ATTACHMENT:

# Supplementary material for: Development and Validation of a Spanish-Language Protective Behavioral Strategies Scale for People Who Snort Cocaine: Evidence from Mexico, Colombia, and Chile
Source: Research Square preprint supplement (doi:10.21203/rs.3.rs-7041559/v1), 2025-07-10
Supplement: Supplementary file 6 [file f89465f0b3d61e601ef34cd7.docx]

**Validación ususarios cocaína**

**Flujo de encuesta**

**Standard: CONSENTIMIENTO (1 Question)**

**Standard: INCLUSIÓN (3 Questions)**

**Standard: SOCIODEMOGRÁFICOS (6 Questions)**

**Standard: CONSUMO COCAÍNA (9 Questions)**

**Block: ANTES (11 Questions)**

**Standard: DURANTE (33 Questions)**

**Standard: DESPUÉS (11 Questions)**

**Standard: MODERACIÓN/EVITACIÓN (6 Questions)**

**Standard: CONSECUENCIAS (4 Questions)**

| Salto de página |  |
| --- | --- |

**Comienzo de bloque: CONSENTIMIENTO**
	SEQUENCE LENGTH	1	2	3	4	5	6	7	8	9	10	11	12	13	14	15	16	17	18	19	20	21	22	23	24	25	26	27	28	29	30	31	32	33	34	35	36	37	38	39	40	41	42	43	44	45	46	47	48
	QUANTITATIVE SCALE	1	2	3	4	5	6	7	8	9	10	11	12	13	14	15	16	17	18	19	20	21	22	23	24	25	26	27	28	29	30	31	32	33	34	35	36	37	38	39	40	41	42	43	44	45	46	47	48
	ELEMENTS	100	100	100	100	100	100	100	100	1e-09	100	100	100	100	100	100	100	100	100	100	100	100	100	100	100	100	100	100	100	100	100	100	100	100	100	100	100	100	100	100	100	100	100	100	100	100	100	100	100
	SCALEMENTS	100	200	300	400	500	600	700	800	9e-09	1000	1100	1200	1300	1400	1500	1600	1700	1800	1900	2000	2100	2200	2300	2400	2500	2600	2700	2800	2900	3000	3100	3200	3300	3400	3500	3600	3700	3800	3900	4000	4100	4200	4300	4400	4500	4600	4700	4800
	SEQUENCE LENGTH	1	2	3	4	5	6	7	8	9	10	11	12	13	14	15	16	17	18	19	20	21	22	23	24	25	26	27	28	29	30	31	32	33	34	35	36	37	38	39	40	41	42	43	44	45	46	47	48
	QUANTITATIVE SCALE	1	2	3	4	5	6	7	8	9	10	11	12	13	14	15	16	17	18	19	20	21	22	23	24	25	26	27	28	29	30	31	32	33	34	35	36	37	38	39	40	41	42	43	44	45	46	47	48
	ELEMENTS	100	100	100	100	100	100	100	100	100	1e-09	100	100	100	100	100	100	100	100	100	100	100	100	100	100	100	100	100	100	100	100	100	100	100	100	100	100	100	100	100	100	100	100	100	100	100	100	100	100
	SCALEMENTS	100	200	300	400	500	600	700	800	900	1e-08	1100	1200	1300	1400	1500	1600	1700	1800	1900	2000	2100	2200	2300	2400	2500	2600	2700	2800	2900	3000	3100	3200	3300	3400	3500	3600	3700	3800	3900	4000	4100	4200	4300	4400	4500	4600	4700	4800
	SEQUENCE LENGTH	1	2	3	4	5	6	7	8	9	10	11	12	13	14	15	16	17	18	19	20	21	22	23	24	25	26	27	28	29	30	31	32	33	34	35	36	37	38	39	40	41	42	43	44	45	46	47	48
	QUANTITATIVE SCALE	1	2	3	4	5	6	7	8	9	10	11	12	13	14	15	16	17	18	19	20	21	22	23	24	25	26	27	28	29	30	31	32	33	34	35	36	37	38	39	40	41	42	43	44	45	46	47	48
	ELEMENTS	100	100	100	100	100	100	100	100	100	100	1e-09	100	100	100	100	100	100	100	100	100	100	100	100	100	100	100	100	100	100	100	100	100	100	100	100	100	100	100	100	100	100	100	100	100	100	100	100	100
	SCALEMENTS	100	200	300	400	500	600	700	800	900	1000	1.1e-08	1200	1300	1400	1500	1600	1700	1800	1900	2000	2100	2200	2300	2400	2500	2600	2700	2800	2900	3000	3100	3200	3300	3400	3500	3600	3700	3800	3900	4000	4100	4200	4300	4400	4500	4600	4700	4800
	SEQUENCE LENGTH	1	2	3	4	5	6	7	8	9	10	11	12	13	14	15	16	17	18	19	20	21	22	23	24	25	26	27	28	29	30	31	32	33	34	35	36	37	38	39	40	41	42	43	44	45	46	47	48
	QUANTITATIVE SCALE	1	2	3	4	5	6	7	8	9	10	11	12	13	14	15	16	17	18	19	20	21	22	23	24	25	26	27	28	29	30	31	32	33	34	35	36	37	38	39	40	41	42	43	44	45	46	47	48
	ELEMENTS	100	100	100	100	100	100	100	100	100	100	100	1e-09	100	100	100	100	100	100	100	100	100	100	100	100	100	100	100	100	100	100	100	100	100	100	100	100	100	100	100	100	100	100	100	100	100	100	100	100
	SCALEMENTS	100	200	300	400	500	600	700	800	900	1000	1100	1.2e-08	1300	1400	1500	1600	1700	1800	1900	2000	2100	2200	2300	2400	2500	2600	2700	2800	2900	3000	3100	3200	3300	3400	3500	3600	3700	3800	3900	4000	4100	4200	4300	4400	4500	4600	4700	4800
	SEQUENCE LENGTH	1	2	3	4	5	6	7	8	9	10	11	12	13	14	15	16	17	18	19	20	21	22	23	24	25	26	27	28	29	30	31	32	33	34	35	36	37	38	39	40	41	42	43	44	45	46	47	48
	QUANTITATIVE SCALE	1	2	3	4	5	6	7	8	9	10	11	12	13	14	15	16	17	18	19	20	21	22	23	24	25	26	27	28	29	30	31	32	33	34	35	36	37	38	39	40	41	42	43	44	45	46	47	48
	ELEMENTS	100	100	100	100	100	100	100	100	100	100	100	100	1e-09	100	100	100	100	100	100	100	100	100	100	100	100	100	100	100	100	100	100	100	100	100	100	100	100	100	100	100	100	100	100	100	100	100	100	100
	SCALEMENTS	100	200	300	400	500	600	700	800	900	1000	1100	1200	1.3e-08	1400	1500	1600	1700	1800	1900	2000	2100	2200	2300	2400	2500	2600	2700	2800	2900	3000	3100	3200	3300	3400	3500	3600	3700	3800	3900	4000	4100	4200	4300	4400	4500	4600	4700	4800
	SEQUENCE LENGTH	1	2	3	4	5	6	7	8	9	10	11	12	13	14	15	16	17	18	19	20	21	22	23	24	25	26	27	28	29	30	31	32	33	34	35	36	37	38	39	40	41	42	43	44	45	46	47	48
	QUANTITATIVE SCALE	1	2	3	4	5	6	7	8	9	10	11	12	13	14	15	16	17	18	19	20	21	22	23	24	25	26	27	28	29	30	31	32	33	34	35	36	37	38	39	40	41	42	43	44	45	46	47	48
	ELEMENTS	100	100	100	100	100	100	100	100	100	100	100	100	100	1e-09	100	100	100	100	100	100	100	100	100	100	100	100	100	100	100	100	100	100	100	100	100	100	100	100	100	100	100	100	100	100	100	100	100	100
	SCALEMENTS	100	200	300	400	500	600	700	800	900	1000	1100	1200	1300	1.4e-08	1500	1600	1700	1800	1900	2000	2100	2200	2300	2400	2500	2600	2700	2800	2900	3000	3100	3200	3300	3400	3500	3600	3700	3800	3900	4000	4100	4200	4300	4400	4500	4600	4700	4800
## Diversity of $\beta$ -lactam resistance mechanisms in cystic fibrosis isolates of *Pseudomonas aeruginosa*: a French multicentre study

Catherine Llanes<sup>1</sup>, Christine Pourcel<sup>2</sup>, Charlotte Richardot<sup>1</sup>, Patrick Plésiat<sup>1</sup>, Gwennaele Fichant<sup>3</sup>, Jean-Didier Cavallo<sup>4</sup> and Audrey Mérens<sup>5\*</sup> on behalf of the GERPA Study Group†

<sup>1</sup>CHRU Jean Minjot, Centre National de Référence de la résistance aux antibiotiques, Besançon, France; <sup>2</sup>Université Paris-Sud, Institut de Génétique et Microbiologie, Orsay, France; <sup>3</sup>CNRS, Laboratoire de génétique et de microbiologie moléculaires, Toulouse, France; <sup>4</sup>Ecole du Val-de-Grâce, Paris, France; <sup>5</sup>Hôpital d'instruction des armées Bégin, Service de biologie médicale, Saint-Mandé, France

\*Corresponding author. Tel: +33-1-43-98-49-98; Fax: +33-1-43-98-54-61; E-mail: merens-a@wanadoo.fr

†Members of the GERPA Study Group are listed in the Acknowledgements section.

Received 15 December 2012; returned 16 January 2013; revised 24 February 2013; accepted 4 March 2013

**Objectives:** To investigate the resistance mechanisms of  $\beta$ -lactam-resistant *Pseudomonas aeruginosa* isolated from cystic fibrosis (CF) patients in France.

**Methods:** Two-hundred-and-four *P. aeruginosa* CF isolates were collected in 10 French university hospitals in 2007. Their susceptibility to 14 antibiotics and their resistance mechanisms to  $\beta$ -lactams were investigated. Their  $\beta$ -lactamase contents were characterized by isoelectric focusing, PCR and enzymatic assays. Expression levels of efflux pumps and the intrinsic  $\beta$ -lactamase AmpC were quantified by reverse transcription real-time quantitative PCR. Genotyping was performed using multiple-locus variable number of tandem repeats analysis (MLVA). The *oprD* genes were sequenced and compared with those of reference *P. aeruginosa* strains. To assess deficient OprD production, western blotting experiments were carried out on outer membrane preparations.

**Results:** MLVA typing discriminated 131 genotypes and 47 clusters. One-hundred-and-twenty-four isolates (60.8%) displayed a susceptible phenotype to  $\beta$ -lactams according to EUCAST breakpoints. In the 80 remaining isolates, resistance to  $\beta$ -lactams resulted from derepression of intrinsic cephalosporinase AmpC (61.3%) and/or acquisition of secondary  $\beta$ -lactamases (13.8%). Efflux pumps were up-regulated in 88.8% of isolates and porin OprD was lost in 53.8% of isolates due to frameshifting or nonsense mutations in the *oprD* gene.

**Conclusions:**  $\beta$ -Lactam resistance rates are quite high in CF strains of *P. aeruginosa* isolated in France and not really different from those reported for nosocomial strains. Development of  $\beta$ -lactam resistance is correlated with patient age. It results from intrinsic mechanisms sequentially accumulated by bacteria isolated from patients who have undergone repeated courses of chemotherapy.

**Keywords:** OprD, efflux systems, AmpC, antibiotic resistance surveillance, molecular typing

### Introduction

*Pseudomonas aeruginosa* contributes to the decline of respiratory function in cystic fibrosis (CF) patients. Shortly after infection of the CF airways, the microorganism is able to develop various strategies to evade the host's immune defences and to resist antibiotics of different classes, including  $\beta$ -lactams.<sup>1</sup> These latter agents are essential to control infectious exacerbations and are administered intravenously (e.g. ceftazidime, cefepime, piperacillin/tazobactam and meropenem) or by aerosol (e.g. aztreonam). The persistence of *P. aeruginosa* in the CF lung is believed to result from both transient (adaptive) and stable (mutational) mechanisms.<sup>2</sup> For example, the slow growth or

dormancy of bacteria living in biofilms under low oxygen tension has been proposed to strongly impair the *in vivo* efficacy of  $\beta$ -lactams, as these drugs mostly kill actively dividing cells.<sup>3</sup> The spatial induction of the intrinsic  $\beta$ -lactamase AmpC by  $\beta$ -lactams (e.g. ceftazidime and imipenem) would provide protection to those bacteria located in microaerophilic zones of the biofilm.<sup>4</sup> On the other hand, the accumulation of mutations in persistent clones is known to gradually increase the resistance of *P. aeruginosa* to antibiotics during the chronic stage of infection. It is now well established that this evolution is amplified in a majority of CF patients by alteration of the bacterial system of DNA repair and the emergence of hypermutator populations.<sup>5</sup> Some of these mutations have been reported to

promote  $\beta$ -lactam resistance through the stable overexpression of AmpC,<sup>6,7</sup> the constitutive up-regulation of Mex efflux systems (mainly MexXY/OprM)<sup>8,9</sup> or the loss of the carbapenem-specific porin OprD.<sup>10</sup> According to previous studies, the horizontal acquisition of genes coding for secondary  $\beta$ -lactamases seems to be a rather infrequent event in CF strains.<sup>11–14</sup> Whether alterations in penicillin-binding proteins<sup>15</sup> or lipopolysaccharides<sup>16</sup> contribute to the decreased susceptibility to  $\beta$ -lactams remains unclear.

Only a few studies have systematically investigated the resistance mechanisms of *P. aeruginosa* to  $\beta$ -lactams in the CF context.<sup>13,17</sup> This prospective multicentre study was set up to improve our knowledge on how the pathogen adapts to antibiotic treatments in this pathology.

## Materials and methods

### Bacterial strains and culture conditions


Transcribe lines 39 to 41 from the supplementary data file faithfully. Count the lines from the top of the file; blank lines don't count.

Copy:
	QUANTITATIVE SCALE	1	2	3	4	5	6	7	8	9	10	11	12	13	14	15	16	17	18	19	20	21	22	23	24	25	26	27	28	29	30	31	32	33	34	35	36	37	38	39	40	41	42	43	44	45	46	47	48
	ELEMENTS	100	100	100	100	100	100	100	100	100	100	100	100	100	1e-09	100	100	100	100	100	100	100	100	100	100	100	100	100	100	100	100	100	100	100	100	100	100	100	100	100	100	100	100	100	100	100	100	100	100
	SCALEMENTS	100	200	300	400	500	600	700	800	900	1000	1100	1200	1300	1.4e-08	1500	1600	1700	1800	1900	2000	2100	2200	2300	2400	2500	2600	2700	2800	2900	3000	3100	3200	3300	3400	3500	3600	3700	3800	3900	4000	4100	4200	4300	4400	4500	4600	4700	4800